Riding back on the rigidly attached sled is a lot more secure and has the added advantage that I can back the sled up to the next bale and get it in position with the horses rather than having to drag it around by hand. Once it is in position I kick out the spring clips, pull out the side pins and roll the next bale onto the sled. I back the horses up a little and lift the side arms so I can push the pins into the center of the bale on each side. I attach the chains to the unroller and then cut and pull the strings off the bale and I’m ready to feed my next bale.

A Horse Powered Round Bale Unroller

We piled our bales at the edge of the field in a long row with a 6 bale cross section — 3 bales on the bottom, then two then one. We put the lower bales on skids to keep them off the ground. We covered it with a tarp, which kept most of the snow off, but did let the moisture and snow freeze to the two bottom bales on the outside. After a few times breaking bales loose with human powered digging bars we decided to use the horses. We used a heavy nylon rope with a big loop in it and a clevis at the end. We put the loop around the bale pushing the rope down behind the back of the bale and the loops up the side. I then back the unroller and sled up to the pile and use a light logging chain with a lock hook to attach to the clevis. I attach the grab hook to the chain that is dangling from my logging double tree which is attached to the bale unroller chain hitch with its grab hook.

I then walk away from the pile, the slack is taken up and the bale is popped off the pile or broken loose from the other bales or the skids that they sometimes freeze to. We can then position the bale onto the sled and hook up the unroller. If both Fran and I go out one of us works on positioning the rope on the next bale while the other feeds this one.

We have also used the sled and unroller to move hay when we are going to be away for an extended period of time and want to set the bales up in a grid which our neighbor can meter out with electric fencing. We set out the number of bales that would be fed for the week or ten days we will be away and then surround them with electric fencing. Our neighbor can then feed them out by shifting the fence. We have him feed two days worth at a time so that every animal no matter how dominant can get a belly full of hay and then hopefully the hay will get mostly cleaned up on day two. When we roll out the bales dominance isn’t such a concern because the feeding area is large but if the bales are still rolled up the feeding area is smaller and it is good to have several bales for them to work on and for the dominant cows to have full bellies while there is still lots of hay left for the second day.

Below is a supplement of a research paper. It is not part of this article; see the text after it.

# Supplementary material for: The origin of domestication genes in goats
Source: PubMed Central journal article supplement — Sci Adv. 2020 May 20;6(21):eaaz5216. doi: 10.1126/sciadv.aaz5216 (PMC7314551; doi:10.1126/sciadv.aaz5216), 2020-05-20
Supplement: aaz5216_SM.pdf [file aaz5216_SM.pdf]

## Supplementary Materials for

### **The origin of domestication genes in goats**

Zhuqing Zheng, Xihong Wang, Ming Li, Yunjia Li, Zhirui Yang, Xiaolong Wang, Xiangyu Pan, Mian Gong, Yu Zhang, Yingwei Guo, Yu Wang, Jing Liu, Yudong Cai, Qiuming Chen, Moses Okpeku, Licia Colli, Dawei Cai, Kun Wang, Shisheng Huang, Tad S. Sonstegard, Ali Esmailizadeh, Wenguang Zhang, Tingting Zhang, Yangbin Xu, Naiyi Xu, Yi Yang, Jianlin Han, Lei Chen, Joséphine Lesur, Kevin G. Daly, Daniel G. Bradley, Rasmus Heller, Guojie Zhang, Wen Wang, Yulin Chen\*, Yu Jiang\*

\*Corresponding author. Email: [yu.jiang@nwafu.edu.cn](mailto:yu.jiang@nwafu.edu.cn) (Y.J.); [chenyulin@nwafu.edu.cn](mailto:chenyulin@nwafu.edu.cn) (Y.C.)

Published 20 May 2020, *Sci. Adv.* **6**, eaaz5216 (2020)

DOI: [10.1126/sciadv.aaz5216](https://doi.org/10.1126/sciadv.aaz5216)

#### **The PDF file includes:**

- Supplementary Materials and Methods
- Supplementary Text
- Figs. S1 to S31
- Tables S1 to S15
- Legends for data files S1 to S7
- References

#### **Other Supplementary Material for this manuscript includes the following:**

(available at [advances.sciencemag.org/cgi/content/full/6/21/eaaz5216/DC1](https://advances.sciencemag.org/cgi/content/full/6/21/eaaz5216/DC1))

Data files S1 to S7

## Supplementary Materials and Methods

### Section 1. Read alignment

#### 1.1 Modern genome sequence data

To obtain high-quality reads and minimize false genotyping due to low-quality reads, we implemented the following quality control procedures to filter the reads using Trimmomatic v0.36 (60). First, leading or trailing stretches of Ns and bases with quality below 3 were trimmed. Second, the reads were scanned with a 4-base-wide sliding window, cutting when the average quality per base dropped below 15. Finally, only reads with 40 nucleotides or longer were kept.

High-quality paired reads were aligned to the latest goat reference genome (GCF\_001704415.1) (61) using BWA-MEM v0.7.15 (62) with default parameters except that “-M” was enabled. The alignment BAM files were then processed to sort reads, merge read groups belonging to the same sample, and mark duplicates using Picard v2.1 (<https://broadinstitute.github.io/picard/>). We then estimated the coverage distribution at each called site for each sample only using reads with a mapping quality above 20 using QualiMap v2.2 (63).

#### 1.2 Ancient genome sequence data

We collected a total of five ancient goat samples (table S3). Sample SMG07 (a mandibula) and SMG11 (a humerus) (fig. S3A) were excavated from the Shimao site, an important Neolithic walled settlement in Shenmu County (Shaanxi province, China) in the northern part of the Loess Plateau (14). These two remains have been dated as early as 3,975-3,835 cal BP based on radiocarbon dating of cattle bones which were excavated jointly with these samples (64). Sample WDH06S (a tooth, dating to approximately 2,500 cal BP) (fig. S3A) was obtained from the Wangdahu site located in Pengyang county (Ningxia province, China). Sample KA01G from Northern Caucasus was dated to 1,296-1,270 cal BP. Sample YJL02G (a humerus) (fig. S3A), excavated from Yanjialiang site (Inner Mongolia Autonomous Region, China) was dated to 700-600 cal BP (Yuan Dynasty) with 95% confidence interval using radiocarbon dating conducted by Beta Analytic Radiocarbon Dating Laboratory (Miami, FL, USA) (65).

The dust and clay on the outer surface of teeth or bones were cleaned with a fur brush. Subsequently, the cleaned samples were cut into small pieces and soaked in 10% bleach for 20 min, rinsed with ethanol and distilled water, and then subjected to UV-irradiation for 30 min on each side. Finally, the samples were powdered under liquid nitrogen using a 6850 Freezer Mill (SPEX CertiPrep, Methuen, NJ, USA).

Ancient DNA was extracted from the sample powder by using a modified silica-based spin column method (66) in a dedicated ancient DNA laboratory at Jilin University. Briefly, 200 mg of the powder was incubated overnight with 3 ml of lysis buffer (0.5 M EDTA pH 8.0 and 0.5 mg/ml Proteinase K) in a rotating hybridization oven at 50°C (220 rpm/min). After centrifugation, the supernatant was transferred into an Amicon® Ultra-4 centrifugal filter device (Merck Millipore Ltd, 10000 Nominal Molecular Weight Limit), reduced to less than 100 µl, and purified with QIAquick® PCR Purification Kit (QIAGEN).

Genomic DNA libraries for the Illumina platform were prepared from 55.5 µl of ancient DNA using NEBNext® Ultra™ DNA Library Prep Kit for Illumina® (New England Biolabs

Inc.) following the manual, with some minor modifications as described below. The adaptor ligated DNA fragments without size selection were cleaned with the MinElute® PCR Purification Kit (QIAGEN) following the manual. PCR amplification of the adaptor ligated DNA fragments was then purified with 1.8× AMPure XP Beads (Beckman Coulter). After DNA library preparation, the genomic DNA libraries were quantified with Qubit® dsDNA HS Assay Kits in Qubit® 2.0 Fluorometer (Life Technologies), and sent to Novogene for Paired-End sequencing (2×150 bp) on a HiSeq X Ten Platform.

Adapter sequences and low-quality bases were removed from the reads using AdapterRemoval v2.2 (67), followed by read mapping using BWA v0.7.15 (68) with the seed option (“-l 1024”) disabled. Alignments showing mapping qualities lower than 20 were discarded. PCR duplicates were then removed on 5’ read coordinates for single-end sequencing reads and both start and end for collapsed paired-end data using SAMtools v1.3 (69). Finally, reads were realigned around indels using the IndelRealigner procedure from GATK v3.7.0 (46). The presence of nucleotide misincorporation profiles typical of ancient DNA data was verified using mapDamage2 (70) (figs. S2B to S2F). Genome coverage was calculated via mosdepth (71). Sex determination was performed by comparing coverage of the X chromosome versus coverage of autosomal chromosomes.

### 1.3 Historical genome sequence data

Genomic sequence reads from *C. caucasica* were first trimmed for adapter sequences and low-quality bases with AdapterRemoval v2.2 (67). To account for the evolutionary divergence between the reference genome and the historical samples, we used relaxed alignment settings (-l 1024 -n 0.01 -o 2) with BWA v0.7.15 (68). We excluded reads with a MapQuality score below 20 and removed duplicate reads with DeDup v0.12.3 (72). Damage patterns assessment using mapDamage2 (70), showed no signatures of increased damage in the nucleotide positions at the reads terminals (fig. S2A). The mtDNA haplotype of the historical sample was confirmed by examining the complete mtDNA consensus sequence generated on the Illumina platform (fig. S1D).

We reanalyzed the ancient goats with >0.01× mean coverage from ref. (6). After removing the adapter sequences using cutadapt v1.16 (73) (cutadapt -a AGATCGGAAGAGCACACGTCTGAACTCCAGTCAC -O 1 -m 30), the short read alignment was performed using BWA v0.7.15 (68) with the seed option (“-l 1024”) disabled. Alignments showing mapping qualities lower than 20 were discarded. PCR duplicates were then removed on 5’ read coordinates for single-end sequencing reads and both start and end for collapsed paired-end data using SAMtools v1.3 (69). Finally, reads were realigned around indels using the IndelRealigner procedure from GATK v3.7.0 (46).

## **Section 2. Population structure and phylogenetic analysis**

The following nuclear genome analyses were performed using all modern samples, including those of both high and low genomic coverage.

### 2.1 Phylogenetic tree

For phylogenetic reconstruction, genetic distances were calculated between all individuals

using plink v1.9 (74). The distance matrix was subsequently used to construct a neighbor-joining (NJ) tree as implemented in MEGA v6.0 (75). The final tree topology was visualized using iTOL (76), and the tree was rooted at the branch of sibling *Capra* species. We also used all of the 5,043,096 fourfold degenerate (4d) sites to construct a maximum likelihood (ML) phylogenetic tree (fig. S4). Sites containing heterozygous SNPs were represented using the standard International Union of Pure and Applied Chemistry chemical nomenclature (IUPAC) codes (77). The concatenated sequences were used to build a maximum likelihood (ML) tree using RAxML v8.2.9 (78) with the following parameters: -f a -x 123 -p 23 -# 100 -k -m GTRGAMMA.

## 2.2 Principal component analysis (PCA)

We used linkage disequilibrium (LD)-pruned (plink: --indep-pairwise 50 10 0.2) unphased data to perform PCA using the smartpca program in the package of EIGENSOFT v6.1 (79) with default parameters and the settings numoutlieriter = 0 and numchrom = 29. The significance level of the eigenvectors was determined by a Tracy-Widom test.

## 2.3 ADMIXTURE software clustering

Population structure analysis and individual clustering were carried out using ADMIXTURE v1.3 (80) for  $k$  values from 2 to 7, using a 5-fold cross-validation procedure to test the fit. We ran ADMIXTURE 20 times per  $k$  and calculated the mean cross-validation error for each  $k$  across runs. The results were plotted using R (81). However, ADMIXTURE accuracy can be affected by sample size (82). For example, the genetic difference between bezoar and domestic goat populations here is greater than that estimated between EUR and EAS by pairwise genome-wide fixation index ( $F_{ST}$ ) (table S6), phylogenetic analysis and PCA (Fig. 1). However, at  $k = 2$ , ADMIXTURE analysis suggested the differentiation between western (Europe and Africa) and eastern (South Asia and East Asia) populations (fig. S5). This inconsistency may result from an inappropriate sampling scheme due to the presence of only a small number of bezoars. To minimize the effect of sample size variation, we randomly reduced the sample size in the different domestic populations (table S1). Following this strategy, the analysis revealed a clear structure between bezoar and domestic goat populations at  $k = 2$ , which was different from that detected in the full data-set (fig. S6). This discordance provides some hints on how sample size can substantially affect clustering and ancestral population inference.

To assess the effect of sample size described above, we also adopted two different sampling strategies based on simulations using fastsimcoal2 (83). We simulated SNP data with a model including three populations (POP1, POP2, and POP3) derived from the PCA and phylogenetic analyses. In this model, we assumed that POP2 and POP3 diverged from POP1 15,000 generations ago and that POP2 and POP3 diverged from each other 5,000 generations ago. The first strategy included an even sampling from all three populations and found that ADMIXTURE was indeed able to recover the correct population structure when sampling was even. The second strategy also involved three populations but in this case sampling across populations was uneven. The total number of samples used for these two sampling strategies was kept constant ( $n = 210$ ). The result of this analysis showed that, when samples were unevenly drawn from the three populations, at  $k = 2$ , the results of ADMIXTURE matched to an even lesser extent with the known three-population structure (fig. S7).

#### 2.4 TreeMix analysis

A Horse Powered Round Bale Unroller

A Versatile Chain Hitch for a Regular or Hook Clevis for the Logging Sleigh

One of the challenges when going to the bush in the winter was having to take a second double tree. My logging double tree is equipped with a swivel and a chain hook with a ring on it so I can pick it up easily to hook to a chain around a log. It took extra time and wasn’t really convenient to take the clevis and hook off the logging double tree so it could go on the sleigh — then when I got to the bush having to disconnect it from the sleigh and put the hook and clevis back on. I tended to use two double trees but I still had to disconnect the horses from the sleigh.

A Horse Powered Round Bale Unroller

I decided to solve the problem by replacing my double tree strap with a chain with a flat piece of steel welded to the end of it — a hole the diameter of the double tree pin was drilled through the steel and the chain was welded to a short piece of 2 inch square tubing in such a way that the chain allows the hole in the flat piece to line up with the hole in the tongue. This way a regular double tree can be used on the sleigh with a pin or I can use the logging double tree hooked to the chain. When I get to the bush I just unhook from the chain and walk the horses off the tongue and I’m ready to skid logs. When I’m done I just step the horses over the tongue – put it through the neck yoke back them up and catch the chain with the hook and I’m ready to head back to the barn.

A Horse Powered Round Bale Unroller